It is to correct the second error, rather than the first, that my words are aimed. In reading again the early chapters of Luke I have been reminded of, and become even more grateful for, the record of her faith. Three things especially have struck my sluggish soul and have been to me a welcome wound to convict my own conscience unto repentance and refreshment in my walk with the Lord.
1. Mary Displayed the Grace of a Solid Faith
If ever a faith was put to the test it was Mary's. As a young teenager she was visited by an angel who announced she would miraculously conceive and bear the Son of God. Never was there a more "unexpected" pregnancy in the history of the world. We are fearful to approach or address those with high authority or honor. How many would panic if appointed to address the President? But to Mary it was conveyed she would mother the King of Kings! And the context of this announcement makes it clear that she understood and appreciated all that this implied.
A. She was troubled. Luke 1:29 says "she was troubled at this saying, and considered what manner of greeting this was". The full weight of this responsibility arrested her reason. She knew, to the fullest degree her mind could measure, what this message would mean. The Promised Seed, the Son of the Highest, the Lion of Judah, the Rose of Sharon, the Prince of Peace would shortly be woven into her very womb. Her soul began to shake as this disturbing disclosure dawned upon her. But not only was she she troubled...
B. She was puzzled. Luke 1:34 says "How can this be, since I do not know a man?" Nature alone could make no accounting for what was about to take place. No ordinary expedient could provide an adequate explanation for this event. The Lord often confronts true faith with apparent impossibilities: a flood in a dusty dessert, an escape through the angry sea, water from a solid rock, a birth from a virgin womb. The words whispered by an angel must be remembered by my soul today "For with God nothing will be impossible" (vs. 37).
C. She believed. And here her solid faith is seen. Luke 1:38 "Behold the maidservant of the Lord." The strength of her faith is displayed in submission. "Let it be to me according to your word." No arguing with the agenda of the Almighty, no resistance to His sovereign right, no counter offers to her Creator. She believed. She knew God, she knew Him as her God, and she trusted Him with her life. Oh my soul...gather thyself instruction from the grace of her solid faith in God.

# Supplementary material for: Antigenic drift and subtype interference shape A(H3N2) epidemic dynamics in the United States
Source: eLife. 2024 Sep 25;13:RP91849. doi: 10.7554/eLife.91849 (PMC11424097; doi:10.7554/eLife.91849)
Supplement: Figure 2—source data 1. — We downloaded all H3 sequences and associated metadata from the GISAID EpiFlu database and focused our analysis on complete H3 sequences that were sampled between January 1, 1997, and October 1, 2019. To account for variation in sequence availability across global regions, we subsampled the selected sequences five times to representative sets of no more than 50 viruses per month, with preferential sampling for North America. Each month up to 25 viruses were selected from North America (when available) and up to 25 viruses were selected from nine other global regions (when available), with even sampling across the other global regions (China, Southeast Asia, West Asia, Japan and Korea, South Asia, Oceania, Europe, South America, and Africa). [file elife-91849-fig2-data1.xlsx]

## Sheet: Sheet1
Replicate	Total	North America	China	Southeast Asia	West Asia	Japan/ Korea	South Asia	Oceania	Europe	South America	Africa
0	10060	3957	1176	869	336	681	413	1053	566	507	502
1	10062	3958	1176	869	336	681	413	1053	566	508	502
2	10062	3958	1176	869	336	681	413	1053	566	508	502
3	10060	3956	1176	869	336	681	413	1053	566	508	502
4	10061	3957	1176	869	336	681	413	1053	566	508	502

2. Mary Displayed the Grace of a Spiritual Frame.
The words of the magnificat (from the Latin "magnify" which is the first word of this song) recorded in Luke 1:46-56, display the spiritual focus of this exemplary woman of God. She had just labored through a long journey to visit Elizabeth her aged aunt. She was likely tired and possibly tense about addressing someone so much her senior and in the context of two miraculous conceptions. But her song discloses her heart. It was the greatness and goodness of God that welled up within her soul and poured out in praises from her lips. In this song she embodies the instruction to "set your mind on things above" (Colossians 3:2). Her song concentrates on the character of God...who He is and what He has done:
- His pity "He has regarded the lowly estate of His maidservant" (vs. 48)
- His holiness "And holy is His name" (vs. 49)
- His strength "He who is Mighty" (vs. 49)
- His mercy "His mercy is on those who fear Him (vs. 50)
- His goodness "He has filled the hungry with good things" (vs. 53)
- His help "He has helped His servant..." (vs. 54)
- His covenant faithfulness "As he spoke to our fathers..." (vs. 55)
Oh my soul...oh for such God-ward thoughts!! What a spiritual frame! How desperately this is needed in this material world and vanity fair of life! It is the condemnation of the world that "God is in none of his thoughts" (Psalm 10:4). But what about me? Too often I must confess an earthly frame, mere material concern, and a worldly mind.
3. Mary Displayed the Grace of a Sanctified Focus
What is my focus? What is the chief end of man? That was the question that certain 17th century theologians asked in the Westminster Assembly to which they answered "Man's chief end is to glorify God and enjoy Him forever" (the Shorter Catechism, question and answer 1).
But where did they come up with this answer? I suspect, at least in part, they saw this answer in the opening words of the Magnificat itself. Mary begins by saying "My soul magnifies the Lord, and my spirit has rejoiced in God my Savior" (vs. 46-47). Magnifies means glorifies. Mary glorified God, and did so in the context of joy: "rejoiced in God my Savior". Here is a sanctified focus indeed! To glorify God and enjoy Him forever. This is sadly not the focus of our world. The Danish philosopher Soren Kierkegaard once remarked "the world in which we live is like a store in which all price tags have all been confused". This is true. We value little what is worth much, and value much what is worth little. Oh that we, oh that I, would be granted a more purified perspective on our purpose.
Oh my soul, may this little meditation be improved by God's grace to the strengthening of your faith in Christ and love for the Lord in the year to come.